Cultivating new hope and healthier lives and living conditions in poverty ravaged inner city neighborhoods depends on the formation of significant, enduring relationships among residents.
In neighborhoods where people know each other life works better.
The concept sounds almost too simple. Yet, a growing body of empirical data and our own experiences here in Dallas confirm this important truth.
One of the tragic deficiencies of poor communities has to do with the disappearance of institutional life. Middle class neighborhoods take many human connections for granted. Active PTAs, organized Crime Watch groups, homeowners associations, service clubs, public schools doubling as community hubs, churches and other organizations remain active in many, if not most, middle class communities.
In most low-income neighborhoods you'll be hard pressed to find any evidence of organized community life. Churches are everywhere in these areas, but most are "drive in" congregations that enjoy little meaningful contact with the people living around them. Local barber shops and beauty salons, once the center of lots of community life, have simply disappeared in many parts of town. The grocery stores are gone.
In many neighborhoods even the pubs have disappeared to be replaced by package stores. Unfortunately, the sort of unorganized "community life" that tends to spring up around these establishments is usually not very desirable.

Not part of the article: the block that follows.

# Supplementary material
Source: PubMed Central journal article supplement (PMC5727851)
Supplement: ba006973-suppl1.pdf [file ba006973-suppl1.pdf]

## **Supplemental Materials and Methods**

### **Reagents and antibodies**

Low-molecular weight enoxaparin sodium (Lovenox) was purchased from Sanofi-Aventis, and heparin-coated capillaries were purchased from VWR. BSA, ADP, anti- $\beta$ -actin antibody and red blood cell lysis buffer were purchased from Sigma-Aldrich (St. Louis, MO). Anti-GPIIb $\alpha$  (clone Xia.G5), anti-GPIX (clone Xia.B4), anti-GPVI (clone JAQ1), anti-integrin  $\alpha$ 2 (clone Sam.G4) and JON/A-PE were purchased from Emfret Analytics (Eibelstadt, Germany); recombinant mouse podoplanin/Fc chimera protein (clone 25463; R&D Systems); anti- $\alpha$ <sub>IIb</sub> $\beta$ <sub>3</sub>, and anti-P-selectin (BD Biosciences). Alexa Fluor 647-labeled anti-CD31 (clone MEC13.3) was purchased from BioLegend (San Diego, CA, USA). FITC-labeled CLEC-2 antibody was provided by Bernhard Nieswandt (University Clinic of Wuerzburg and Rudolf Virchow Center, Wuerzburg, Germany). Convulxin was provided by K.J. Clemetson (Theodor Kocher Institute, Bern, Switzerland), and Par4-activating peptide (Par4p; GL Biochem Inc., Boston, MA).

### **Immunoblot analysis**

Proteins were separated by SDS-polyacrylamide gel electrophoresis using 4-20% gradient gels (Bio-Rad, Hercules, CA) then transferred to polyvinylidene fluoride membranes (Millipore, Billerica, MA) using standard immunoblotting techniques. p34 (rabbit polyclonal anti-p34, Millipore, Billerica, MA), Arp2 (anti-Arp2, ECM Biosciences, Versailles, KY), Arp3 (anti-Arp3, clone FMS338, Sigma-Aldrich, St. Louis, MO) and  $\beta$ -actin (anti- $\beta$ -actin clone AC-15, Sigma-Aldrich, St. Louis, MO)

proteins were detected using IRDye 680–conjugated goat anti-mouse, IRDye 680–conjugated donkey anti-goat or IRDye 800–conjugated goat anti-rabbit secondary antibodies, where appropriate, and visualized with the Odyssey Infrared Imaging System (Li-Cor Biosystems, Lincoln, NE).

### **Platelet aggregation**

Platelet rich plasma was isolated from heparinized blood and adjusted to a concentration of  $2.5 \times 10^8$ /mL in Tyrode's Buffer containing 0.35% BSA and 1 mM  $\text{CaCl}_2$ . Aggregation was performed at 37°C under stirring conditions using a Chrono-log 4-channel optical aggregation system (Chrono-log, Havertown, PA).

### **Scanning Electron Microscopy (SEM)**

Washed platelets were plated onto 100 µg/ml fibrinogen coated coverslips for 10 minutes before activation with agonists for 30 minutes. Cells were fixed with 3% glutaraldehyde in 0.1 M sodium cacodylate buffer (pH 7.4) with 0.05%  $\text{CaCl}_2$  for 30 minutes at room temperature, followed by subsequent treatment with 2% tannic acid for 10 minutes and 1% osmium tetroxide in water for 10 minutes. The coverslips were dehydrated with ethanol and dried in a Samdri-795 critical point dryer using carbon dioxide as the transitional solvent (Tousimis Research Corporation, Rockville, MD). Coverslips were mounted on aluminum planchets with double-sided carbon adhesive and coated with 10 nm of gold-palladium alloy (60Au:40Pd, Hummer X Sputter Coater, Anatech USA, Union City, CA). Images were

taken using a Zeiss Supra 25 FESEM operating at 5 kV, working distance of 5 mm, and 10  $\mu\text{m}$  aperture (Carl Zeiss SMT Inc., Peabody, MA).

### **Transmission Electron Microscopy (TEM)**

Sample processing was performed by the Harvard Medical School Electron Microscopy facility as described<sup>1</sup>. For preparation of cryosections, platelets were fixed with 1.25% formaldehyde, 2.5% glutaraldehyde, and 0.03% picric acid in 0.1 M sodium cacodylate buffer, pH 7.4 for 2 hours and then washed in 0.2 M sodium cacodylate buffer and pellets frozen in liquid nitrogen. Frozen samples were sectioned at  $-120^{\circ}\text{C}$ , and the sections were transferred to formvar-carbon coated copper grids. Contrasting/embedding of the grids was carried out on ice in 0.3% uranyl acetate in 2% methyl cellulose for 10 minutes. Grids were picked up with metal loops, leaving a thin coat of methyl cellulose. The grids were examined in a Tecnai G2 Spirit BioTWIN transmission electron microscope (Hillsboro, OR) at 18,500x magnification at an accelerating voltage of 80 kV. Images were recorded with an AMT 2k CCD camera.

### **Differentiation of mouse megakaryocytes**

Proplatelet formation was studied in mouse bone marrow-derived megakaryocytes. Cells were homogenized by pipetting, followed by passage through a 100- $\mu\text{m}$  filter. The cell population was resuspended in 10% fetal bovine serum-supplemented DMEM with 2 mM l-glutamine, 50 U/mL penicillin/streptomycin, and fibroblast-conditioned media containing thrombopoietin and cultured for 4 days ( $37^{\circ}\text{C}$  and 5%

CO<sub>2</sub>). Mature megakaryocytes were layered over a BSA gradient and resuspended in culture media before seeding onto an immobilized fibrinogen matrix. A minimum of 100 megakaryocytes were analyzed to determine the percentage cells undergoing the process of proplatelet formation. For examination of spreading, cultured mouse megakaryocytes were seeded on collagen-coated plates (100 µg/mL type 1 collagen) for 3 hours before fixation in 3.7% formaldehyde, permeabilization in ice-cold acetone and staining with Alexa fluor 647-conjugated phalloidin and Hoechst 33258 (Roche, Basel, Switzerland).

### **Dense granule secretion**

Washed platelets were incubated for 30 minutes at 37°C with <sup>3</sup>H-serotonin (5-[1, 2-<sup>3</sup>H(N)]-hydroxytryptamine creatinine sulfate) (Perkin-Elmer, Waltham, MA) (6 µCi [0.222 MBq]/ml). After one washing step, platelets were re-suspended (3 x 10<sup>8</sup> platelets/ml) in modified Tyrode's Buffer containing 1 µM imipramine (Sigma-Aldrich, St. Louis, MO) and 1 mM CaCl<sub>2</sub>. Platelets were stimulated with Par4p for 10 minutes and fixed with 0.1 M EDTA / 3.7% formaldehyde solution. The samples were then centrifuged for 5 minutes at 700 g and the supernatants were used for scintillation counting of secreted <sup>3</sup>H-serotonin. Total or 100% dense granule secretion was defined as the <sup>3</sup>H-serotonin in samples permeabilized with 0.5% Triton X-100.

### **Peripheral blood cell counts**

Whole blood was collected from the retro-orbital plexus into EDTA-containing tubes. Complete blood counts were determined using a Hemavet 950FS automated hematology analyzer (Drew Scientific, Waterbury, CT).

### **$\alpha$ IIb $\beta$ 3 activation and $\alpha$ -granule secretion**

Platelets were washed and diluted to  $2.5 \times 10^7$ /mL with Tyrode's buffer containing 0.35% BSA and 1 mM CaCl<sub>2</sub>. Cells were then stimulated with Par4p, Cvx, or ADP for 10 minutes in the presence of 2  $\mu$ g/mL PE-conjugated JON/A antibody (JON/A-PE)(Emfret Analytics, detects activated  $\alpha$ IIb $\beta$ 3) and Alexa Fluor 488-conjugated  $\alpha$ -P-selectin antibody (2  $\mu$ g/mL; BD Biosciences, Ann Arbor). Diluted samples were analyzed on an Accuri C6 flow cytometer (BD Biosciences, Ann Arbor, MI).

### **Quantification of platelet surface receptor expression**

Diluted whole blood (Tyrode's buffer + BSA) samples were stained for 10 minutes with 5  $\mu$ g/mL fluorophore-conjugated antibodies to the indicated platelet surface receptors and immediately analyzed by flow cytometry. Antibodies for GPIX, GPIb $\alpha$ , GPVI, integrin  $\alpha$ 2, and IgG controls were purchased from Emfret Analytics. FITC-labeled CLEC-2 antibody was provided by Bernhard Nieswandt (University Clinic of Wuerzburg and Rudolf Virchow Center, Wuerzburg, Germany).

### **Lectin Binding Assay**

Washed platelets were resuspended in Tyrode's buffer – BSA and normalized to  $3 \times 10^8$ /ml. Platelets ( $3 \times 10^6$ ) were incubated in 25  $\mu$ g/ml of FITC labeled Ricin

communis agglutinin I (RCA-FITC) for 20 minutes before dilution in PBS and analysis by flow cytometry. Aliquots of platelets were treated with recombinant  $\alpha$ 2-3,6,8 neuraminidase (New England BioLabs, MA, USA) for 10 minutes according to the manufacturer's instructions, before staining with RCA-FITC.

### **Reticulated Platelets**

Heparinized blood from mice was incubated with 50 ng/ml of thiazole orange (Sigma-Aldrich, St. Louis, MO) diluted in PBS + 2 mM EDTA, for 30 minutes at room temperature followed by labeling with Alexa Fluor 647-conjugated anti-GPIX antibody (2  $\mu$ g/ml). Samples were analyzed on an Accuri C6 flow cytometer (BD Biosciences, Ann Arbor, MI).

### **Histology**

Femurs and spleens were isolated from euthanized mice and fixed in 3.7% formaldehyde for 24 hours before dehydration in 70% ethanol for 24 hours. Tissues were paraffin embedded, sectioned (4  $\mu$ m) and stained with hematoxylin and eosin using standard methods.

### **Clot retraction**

Social scientists are producing a growing body of evidence that tells us social capital and community connectedness are likely key elements in any community's quest for better health and well-being.
Communities possessing a sense of choice and self-determination report better health outcomes. People living in neighborhoods that are organized and politically engaged enjoy greater feelings of stability, hope, power and progress. Notions of collective efficacy can be powerful psychological forces fueling change and increased involvement in the community at numerous levels.
Connected communities just work better, no matter what their socio-economic status.
Predictably, faith-based approaches to community outreach that focus solely on individuals, with no or little thought of relationships inside target communities, bypass significant opportunities to improve life for everyone. The growing emphasis on the importance of the individual as the primary unit of significance for the church and the nation is a major liability in any quest for community renewal.
To renew communities the focus must shift to the creation and maintenance of dynamic connections among people who live near one another.
Building strong neighborhoods in impoverished areas depends on the rediscovery of the importance of neighborliness.
It really is that simple.
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